Pendergast-the world's most enigmatic FBI Special Agent-returns to New York City to investigate a murderous cult. A prominent New York Times reporter, was killed in a brutal attack in his Upper West Side apartment His wife, an archeologist at the Museum of Natural History, was injured a well. Multiple eyewitnesses identified the assailant as a neighbor n the building: a man who, by all reports, was dead and buried ten days ago. While Captain Laura Hayward leads the official investigation, Pendergast and Lieutenant Vincent D'Agosta undertake their own private-and decidedly unorthodox-quest for the truth. Their serpentine journey takes them to an enclave of Manhattan they never imagined could exist: a secretive, reclusive cult of Obeah and voodoo which no outsiders have ever survived.
I received an advance copy of Cemetery Dance from the publisher in exchange for an honest review. This does not influence my opinions or the content of my review. This review contains affiliate links and is in compliance with FTC guidelines.Zombies in New York City? Is this something like Vampire in Brooklyn, the 1995 Eddie Murphy movie? Are Shaggy and Scooby Doo going to suddenly jump out of the Mystery Machine? These were my first thoughts when I read this introduction.
I had never read anything by Douglas Preston and Lincoln Childs before Cemetery Dance, but I knew their genre and reputation, so I was a bit surprised and intrigued. I am not one for horror books, but I gamely jumped into Cemetery Dance and found that this is definitely not a horror book, but a crime story. There are so many interesting elements involved: rivalry between newspapers, politics in the police department, laws of squatters’ rights and eminent domain, and of course the “is it real” element of people coming back from the dead as a zombies to kill. The information about religions that believe these things is interesting and explained well, and the description of the Ville de Ziondrilles is so vivid I felt like I could draw it myself, if I knew how to draw. Actually, all of the key things that would be difficult for someone with little background information to envision, such as ancient underground crypts, religious fetishes, and even what a zombie looks, sounds, and smells like, are amazingly detailed, which I really appreciated.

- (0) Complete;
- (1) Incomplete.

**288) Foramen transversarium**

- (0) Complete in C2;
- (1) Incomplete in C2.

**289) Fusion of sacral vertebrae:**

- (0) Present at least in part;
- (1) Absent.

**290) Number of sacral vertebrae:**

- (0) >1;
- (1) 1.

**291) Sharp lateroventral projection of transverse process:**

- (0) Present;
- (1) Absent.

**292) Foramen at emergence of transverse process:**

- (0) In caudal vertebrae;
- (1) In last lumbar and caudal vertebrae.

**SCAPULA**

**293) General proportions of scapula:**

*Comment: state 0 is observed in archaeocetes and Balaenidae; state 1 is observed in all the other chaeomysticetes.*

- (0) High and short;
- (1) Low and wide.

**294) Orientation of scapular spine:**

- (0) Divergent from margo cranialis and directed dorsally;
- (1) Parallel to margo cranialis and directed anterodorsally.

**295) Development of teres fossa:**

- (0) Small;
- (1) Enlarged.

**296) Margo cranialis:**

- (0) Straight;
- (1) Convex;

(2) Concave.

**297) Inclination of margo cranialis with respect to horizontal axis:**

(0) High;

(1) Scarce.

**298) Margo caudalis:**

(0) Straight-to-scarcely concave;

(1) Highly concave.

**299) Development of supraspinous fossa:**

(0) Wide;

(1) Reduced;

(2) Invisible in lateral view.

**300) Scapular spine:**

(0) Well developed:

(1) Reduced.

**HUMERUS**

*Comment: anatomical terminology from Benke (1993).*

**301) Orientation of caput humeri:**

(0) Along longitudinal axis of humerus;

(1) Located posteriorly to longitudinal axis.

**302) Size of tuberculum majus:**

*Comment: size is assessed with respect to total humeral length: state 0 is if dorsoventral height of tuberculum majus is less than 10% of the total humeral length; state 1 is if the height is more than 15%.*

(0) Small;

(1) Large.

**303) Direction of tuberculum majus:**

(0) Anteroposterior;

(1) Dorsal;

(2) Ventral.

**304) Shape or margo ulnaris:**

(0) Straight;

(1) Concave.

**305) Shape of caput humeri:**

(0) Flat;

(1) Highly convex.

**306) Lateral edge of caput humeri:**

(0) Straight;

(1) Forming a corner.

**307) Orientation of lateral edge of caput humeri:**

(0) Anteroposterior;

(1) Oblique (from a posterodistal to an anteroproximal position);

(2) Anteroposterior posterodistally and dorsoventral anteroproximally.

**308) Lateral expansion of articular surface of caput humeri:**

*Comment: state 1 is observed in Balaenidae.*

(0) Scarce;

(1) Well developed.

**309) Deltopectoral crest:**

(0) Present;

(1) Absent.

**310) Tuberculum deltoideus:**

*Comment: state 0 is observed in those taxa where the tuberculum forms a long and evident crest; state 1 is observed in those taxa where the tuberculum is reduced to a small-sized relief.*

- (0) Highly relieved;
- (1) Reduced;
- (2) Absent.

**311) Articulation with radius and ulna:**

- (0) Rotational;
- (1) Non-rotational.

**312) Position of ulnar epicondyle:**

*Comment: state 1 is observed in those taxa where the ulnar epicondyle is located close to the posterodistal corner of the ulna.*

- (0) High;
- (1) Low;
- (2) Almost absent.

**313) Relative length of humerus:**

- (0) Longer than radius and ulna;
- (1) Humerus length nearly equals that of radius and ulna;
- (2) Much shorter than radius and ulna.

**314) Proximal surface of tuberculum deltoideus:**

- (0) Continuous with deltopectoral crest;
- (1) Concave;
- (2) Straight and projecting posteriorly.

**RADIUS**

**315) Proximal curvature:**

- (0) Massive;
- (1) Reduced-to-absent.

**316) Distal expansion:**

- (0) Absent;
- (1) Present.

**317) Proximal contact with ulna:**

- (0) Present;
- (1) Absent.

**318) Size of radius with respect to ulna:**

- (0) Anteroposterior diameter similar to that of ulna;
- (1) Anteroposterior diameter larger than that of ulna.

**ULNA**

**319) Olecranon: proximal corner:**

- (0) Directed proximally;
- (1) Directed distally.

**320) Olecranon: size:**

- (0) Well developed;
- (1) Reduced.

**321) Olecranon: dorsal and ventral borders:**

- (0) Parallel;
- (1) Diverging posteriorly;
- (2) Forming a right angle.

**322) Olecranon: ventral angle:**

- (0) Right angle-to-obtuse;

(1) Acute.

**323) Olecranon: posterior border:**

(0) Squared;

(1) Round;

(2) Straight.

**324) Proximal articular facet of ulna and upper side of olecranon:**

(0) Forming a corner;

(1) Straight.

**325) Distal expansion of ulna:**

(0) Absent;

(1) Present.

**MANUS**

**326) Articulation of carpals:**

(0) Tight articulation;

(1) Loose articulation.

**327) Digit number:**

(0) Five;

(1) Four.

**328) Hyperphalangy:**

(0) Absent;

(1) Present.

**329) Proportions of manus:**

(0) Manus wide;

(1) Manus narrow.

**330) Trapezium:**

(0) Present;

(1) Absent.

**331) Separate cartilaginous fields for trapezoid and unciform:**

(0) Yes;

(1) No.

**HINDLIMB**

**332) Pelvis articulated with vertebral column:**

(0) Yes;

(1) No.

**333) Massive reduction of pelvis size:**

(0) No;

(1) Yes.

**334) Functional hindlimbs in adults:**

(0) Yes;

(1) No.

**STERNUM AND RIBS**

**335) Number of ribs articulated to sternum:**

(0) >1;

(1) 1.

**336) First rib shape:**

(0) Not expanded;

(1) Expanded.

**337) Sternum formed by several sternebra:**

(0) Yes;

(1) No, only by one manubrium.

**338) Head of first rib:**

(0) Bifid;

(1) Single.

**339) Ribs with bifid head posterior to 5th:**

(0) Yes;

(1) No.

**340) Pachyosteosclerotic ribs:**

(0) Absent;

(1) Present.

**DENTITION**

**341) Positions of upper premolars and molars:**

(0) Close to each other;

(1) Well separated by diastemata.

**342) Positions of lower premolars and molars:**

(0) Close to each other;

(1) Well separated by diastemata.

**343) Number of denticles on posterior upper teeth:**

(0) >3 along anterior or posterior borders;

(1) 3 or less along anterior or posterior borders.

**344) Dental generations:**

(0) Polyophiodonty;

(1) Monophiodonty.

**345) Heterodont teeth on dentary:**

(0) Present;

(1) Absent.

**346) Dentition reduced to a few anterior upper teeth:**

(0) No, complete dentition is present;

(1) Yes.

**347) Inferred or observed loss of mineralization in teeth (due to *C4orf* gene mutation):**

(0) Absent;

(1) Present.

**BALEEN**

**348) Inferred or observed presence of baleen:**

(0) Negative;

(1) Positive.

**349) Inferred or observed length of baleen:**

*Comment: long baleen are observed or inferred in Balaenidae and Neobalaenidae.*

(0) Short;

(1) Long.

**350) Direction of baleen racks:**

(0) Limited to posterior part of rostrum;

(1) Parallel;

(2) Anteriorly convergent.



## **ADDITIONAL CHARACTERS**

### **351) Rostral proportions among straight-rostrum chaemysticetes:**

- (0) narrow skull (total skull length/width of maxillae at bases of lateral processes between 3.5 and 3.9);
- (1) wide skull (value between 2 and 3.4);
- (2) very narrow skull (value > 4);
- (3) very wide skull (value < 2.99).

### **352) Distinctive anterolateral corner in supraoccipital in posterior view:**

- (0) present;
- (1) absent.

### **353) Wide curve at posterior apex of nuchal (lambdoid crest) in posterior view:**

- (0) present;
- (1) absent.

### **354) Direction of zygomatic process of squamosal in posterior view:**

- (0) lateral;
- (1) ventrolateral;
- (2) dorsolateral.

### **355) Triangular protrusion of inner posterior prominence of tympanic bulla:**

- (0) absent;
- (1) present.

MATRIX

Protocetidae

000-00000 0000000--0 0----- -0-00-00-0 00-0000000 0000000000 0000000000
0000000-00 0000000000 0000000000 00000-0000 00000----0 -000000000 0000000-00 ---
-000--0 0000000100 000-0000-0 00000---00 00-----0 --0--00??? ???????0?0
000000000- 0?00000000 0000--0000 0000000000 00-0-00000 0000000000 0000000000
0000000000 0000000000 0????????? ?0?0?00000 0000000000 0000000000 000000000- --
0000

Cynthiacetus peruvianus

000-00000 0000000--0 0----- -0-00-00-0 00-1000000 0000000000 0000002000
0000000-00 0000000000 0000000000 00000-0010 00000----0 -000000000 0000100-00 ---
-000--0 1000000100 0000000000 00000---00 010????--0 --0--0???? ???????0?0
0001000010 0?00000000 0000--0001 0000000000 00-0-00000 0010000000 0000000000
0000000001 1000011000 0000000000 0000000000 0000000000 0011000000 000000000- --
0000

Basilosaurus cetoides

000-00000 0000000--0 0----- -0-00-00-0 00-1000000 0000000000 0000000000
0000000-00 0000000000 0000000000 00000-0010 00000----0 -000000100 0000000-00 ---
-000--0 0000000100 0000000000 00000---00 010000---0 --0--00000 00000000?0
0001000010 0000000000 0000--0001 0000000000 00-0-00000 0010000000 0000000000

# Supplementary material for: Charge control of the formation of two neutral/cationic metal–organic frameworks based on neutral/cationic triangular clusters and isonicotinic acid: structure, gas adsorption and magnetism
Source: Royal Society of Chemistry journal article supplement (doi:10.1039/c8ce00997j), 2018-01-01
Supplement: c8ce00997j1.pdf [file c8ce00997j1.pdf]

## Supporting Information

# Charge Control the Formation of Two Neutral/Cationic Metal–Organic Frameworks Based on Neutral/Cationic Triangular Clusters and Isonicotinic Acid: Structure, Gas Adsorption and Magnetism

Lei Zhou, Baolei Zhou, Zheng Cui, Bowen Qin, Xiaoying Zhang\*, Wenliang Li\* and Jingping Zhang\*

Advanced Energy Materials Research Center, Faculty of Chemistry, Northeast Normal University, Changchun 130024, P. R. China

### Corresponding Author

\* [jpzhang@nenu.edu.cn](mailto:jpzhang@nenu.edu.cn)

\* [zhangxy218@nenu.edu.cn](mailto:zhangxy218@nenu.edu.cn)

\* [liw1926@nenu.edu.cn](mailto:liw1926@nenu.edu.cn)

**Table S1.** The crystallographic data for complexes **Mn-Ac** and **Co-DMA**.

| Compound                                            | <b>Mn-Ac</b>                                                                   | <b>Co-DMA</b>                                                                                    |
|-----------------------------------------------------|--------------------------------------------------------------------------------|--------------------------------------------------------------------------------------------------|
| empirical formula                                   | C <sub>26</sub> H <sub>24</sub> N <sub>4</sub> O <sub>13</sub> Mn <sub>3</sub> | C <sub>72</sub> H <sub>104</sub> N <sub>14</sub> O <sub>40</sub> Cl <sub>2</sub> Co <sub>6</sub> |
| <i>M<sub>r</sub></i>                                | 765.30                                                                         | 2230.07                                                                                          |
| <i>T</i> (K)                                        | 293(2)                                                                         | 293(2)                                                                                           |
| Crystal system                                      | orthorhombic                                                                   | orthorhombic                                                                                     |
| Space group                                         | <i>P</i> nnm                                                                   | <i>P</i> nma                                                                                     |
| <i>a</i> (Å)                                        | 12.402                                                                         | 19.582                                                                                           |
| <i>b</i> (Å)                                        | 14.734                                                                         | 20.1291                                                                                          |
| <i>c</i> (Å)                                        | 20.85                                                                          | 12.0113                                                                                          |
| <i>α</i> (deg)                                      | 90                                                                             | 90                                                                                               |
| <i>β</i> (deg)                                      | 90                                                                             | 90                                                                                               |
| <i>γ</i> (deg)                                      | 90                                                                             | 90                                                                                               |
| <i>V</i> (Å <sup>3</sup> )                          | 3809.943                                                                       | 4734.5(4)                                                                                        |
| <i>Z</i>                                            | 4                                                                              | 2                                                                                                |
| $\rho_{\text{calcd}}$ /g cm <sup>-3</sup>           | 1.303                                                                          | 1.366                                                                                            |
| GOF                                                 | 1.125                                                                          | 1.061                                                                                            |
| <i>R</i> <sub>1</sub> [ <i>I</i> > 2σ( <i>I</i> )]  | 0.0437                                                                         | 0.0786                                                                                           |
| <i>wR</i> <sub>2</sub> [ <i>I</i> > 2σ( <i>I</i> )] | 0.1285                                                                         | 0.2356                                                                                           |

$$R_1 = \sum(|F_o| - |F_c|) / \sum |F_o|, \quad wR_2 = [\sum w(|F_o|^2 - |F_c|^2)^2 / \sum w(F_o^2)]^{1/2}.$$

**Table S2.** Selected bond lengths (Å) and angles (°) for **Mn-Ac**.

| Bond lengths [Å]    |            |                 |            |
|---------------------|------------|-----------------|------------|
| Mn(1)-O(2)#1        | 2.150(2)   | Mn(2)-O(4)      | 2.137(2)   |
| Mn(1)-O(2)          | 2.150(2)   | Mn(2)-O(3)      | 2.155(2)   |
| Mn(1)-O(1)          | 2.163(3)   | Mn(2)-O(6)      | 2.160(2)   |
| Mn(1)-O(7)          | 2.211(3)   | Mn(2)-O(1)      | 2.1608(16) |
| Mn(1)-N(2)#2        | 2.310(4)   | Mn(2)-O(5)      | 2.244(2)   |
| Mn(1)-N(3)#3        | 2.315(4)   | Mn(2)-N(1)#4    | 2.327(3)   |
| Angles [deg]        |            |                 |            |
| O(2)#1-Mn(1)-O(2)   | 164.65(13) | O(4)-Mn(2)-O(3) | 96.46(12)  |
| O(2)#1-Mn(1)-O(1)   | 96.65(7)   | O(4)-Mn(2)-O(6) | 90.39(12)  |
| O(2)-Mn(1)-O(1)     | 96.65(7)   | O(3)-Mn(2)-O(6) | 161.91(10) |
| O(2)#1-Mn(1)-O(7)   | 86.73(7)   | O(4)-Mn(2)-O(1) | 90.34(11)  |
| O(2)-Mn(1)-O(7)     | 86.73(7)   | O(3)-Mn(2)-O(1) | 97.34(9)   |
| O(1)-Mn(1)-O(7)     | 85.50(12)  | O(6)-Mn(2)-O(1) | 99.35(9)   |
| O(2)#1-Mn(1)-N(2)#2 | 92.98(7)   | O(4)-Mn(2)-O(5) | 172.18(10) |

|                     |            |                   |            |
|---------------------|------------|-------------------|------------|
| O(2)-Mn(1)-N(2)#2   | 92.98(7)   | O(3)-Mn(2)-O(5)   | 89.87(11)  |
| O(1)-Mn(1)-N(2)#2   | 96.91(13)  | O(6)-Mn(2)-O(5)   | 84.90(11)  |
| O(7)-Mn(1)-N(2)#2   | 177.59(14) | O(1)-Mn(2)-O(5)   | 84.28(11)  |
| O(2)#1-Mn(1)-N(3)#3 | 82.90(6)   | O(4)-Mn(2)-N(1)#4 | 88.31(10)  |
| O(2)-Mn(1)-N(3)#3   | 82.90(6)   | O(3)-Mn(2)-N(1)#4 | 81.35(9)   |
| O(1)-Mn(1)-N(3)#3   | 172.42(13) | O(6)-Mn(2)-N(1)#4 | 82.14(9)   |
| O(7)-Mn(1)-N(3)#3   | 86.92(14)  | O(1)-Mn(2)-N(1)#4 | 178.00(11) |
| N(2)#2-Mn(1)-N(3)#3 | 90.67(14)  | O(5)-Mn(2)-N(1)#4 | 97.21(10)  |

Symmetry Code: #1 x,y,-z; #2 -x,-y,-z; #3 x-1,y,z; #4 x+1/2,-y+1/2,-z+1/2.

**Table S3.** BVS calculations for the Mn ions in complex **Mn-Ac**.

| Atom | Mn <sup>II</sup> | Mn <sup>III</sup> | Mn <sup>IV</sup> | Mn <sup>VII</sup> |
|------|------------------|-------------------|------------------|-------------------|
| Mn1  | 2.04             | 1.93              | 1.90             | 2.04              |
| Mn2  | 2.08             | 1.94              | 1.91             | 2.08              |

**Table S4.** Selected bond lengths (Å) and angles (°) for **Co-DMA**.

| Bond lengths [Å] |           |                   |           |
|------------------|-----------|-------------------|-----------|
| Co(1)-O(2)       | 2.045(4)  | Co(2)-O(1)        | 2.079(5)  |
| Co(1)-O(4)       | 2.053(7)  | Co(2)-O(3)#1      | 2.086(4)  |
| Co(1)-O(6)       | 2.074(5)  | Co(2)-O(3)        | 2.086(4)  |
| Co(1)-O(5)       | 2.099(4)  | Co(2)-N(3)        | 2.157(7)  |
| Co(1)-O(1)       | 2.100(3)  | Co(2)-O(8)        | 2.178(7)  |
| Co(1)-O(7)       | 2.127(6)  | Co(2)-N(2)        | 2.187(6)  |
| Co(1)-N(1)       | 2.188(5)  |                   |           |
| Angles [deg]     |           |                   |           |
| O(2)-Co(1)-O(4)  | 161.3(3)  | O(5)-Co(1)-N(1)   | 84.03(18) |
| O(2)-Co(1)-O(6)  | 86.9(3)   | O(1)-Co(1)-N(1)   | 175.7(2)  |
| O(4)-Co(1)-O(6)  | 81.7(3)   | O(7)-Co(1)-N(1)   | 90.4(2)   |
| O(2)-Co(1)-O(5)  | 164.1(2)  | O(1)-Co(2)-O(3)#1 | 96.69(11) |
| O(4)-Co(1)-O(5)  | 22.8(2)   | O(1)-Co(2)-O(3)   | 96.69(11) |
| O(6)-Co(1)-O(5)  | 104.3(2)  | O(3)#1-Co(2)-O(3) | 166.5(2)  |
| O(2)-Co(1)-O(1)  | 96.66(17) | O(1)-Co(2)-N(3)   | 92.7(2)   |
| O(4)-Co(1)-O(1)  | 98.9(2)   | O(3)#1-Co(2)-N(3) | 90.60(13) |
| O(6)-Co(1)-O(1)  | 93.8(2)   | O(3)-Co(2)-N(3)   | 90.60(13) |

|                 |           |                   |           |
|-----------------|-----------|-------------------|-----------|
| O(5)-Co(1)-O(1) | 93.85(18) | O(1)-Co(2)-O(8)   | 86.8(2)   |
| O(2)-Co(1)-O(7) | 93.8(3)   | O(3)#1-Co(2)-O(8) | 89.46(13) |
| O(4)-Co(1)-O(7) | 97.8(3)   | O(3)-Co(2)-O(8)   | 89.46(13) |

Cemetery Dance features many of the series’ recurring characters including archaeologist Nora Kelly, police detective Vincent D’Agosta, FBI Agent Aloysius Pendergast, and Captain Laura Hayward, who all work somewhat independently and sometimes together to figure out the bizarre happenings in Manhattan and specifically Inwood Hill Park, the last natural forest and salt marsh in Manhattan. I had never heard of this beautiful, natural park and found the history presented in the book very interesting. Although this is my first book by these authors, I felt I knew the characters quickly and most of them well. Laura Hayward is written as a strong, professional law enforcement officer, who tries to hold back her more feminine traits at work, which is difficult considering that she and Vincent D’Agosta, although no longer together, have strong feelings for one another. Vincent, also, is a well-rounded character, although he has a few traits that some might consider stereotypical. Between Vincent’s hot head and Agent Pendergast’s desire for information before lab tests are complete, their entire investigation is truly a “cowboy” experience.
I definitely enjoyed Cemetery Dance and will go back to the library to get the first book in the Pendergast series, Relic. I’m also passing this on to my nephews who are going to LOVE it!